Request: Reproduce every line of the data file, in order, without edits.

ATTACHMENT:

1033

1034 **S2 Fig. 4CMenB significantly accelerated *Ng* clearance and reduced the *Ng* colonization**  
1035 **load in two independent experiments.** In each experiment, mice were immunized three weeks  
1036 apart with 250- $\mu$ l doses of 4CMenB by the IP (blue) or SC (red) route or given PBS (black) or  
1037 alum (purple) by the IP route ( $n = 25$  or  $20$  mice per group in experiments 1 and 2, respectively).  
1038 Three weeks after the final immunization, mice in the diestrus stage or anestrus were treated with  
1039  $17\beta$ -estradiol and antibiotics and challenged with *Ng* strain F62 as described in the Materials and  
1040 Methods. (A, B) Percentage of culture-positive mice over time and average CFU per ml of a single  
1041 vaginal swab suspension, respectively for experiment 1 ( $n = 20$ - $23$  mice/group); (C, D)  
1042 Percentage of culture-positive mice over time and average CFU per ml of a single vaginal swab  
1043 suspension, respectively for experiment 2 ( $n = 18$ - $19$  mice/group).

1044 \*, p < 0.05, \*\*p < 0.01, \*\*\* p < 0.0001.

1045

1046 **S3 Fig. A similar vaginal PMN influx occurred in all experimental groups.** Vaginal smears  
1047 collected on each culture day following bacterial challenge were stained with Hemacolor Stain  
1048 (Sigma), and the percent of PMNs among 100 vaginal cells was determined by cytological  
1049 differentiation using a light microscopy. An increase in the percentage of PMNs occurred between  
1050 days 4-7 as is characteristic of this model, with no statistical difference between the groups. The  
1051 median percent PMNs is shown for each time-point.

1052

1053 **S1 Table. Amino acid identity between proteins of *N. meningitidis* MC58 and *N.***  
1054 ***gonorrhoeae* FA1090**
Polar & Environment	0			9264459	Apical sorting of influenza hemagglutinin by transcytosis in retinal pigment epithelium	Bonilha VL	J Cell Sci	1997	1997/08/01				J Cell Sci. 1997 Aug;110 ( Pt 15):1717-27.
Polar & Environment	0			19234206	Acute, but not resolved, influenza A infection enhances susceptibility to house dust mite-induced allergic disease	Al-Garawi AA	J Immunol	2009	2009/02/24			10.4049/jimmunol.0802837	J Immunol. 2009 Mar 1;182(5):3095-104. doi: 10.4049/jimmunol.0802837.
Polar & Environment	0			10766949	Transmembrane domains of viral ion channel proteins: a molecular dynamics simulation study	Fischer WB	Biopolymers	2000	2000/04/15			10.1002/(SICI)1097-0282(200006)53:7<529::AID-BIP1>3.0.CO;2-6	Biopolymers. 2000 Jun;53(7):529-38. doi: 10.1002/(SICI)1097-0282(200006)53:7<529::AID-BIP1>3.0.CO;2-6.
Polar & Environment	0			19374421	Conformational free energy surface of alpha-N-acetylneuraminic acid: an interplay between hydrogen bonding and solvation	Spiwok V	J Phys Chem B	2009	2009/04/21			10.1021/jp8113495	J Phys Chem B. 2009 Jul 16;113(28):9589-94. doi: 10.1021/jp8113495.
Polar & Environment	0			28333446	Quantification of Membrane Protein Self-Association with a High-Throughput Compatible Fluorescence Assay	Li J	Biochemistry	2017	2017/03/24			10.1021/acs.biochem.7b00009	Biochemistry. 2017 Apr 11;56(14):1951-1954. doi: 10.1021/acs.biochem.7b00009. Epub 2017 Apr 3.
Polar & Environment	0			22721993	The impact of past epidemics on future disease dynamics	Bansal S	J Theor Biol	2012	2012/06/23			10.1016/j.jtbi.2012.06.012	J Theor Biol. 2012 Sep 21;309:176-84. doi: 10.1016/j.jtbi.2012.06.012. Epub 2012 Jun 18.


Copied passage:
1033

1034 **S2 Fig. 4CMenB significantly accelerated *Ng* clearance and reduced the *Ng* colonization**  
1035 **load in two independent experiments.** In each experiment, mice were immunized three weeks  
1036 apart with 250- $\mu$ l doses of 4CMenB by the IP (blue) or SC (red) route or given PBS (black) or  
1037 alum (purple) by the IP route ( $n = 25$  or  $20$  mice per group in experiments 1 and 2, respectively).  
1038 Three weeks after the final immunization, mice in the diestrus stage or anestrus were treated with  
1039  $17\beta$ -estradiol and antibiotics and challenged with *Ng* strain F62 as described in the Materials and  
1040 Methods. (A, B) Percentage of culture-positive mice over time and average CFU per ml of a single  
1041 vaginal swab suspension, respectively for experiment 1 ( $n = 20$ - $23$  mice/group); (C, D)  
1042 Percentage of culture-positive mice over time and average CFU per ml of a single vaginal swab  
1043 suspension, respectively for experiment 2 ( $n = 18$ - $19$  mice/group).

1044 \*, p < 0.05, \*\*p < 0.01, \*\*\* p < 0.0001.

1045

1046 **S3 Fig. A similar vaginal PMN influx occurred in all experimental groups.** Vaginal smears  
1047 collected on each culture day following bacterial challenge were stained with Hemacolor Stain  
1048 (Sigma), and the percent of PMNs among 100 vaginal cells was determined by cytological  
1049 differentiation using a light microscopy. An increase in the percentage of PMNs occurred between  
1050 days 4-7 as is characteristic of this model, with no statistical difference between the groups. The  
1051 median percent PMNs is shown for each time-point.

1052

1053 **S1 Table. Amino acid identity between proteins of *N. meningitidis* MC58 and *N.***  
1054 ***gonorrhoeae* FA1090**
Polar & Environment	0			9264459	Apical sorting of influenza hemagglutinin by transcytosis in retinal pigment epithelium	Bonilha VL	J Cell Sci	1997	1997/08/01				J Cell Sci. 1997 Aug;110 ( Pt 15):1717-27.
Polar & Environment	0			19234206	Acute, but not resolved, influenza A infection enhances susceptibility to house dust mite-induced allergic disease	Al-Garawi AA	J Immunol	2009	2009/02/24			10.4049/jimmunol.0802837	J Immunol. 2009 Mar 1;182(5):3095-104. doi: 10.4049/jimmunol.0802837.
Polar & Environment	0			10766949	Transmembrane domains of viral ion channel proteins: a molecular dynamics simulation study	Fischer WB	Biopolymers	2000	2000/04/15			10.1002/(SICI)1097-0282(200006)53:7<529::AID-BIP1>3.0.CO;2-6	Biopolymers. 2000 Jun;53(7):529-38. doi: 10.1002/(SICI)1097-0282(200006)53:7<529::AID-BIP1>3.0.CO;2-6.
Polar & Environment	0			19374421	Conformational free energy surface of alpha-N-acetylneuraminic acid: an interplay between hydrogen bonding and solvation	Spiwok V	J Phys Chem B	2009	2009/04/21			10.1021/jp8113495	J Phys Chem B. 2009 Jul 16;113(28):9589-94. doi: 10.1021/jp8113495.
Polar & Environment	0			28333446	Quantification of Membrane Protein Self-Association with a High-Throughput Compatible Fluorescence Assay	Li J	Biochemistry	2017	2017/03/24			10.1021/acs.biochem.7b00009	Biochemistry. 2017 Apr 11;56(14):1951-1954. doi: 10.1021/acs.biochem.7b00009. Epub 2017 Apr 3.
Polar & Environment	0			22721993	The impact of past epidemics on future disease dynamics	Bansal S	J Theor Biol	2012	2012/06/23			10.1016/j.jtbi.2012.06.012	J Theor Biol. 2012 Sep 21;309:176-84. doi: 10.1016/j.jtbi.2012.06.012. Epub 2012 Jun 18.